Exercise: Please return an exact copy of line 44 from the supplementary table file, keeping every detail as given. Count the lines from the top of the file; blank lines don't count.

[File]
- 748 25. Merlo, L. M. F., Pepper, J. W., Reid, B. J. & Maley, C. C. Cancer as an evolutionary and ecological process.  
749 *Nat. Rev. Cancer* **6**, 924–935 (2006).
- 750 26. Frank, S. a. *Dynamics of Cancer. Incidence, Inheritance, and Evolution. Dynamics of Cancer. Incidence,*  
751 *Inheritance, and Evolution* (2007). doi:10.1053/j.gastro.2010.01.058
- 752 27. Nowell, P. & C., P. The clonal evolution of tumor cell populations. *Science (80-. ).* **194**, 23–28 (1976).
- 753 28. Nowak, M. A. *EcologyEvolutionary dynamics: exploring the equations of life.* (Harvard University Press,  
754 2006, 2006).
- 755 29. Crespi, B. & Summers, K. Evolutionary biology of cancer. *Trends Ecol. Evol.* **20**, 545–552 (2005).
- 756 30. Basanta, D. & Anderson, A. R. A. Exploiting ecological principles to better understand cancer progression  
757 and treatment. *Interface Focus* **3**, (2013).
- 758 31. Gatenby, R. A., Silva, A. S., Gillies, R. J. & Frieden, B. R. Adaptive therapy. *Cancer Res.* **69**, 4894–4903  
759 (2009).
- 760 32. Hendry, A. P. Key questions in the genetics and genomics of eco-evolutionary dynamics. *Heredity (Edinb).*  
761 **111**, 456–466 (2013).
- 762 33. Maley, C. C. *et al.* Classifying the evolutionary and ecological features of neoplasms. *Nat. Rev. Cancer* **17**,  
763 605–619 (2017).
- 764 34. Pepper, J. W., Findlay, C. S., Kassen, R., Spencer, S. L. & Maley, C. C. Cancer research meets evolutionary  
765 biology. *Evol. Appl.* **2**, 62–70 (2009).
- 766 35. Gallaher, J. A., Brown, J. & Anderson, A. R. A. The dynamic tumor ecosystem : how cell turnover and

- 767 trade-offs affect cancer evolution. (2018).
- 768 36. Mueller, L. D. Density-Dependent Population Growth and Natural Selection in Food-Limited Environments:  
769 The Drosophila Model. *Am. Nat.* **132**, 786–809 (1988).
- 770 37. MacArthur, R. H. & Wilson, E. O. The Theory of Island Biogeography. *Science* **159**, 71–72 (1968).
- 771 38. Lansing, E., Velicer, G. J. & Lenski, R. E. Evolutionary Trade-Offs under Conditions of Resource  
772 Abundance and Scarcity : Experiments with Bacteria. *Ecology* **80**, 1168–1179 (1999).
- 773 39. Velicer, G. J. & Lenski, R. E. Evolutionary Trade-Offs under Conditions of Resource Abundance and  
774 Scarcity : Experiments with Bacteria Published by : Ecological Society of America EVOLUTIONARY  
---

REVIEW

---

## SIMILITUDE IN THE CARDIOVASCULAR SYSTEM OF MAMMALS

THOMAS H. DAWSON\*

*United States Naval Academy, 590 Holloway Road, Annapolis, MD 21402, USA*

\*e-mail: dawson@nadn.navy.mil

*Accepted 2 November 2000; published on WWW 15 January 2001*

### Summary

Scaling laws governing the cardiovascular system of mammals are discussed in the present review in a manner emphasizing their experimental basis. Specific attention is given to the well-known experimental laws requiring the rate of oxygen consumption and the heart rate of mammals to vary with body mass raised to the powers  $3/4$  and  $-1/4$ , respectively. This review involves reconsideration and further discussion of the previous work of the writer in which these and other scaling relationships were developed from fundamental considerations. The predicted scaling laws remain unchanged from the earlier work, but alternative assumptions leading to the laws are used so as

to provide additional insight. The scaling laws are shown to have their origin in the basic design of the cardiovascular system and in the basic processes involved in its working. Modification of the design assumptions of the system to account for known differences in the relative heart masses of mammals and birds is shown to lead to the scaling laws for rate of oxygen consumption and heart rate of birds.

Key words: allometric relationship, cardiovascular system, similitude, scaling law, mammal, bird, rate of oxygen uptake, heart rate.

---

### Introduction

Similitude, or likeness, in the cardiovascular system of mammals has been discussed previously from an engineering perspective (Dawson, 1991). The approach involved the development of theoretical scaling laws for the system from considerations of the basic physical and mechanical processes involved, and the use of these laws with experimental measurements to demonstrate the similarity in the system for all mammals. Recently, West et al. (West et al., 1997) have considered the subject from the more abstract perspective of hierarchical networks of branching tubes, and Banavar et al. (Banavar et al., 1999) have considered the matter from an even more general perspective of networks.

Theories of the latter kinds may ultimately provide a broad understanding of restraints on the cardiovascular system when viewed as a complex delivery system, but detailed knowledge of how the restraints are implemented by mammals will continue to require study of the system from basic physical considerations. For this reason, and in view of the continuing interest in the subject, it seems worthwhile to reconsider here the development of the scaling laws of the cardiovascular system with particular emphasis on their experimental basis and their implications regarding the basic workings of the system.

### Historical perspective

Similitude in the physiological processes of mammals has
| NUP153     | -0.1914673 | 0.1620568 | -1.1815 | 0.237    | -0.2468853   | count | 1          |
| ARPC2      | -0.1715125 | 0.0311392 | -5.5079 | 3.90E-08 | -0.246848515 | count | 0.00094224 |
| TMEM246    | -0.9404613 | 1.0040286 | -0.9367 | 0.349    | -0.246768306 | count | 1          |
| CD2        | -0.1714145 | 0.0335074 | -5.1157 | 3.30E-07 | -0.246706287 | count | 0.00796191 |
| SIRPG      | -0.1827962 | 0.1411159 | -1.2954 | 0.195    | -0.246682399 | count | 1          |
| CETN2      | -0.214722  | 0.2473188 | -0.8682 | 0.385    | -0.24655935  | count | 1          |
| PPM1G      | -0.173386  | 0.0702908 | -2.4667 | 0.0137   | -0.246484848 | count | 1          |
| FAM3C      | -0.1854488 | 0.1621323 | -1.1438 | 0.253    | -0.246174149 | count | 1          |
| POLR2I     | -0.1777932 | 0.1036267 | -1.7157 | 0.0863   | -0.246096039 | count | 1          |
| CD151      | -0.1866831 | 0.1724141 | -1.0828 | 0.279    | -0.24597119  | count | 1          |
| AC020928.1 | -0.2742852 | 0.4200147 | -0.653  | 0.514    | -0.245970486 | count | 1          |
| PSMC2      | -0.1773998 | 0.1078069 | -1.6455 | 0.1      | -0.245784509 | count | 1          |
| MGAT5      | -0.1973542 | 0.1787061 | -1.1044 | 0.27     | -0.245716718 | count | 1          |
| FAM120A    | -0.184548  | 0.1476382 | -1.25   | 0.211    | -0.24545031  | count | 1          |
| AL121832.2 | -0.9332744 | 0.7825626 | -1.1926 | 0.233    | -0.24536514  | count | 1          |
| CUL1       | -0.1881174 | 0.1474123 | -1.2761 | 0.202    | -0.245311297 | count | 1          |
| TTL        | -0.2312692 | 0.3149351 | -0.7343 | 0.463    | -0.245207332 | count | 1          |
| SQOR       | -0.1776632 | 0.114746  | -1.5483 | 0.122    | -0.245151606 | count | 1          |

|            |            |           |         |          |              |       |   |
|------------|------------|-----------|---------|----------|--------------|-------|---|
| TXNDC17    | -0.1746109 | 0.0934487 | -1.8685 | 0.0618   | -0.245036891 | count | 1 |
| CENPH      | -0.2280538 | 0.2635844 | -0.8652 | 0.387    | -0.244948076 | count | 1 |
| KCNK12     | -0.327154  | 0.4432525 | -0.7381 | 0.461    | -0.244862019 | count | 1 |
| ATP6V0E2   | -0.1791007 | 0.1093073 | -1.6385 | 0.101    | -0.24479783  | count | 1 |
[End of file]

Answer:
### Historical perspective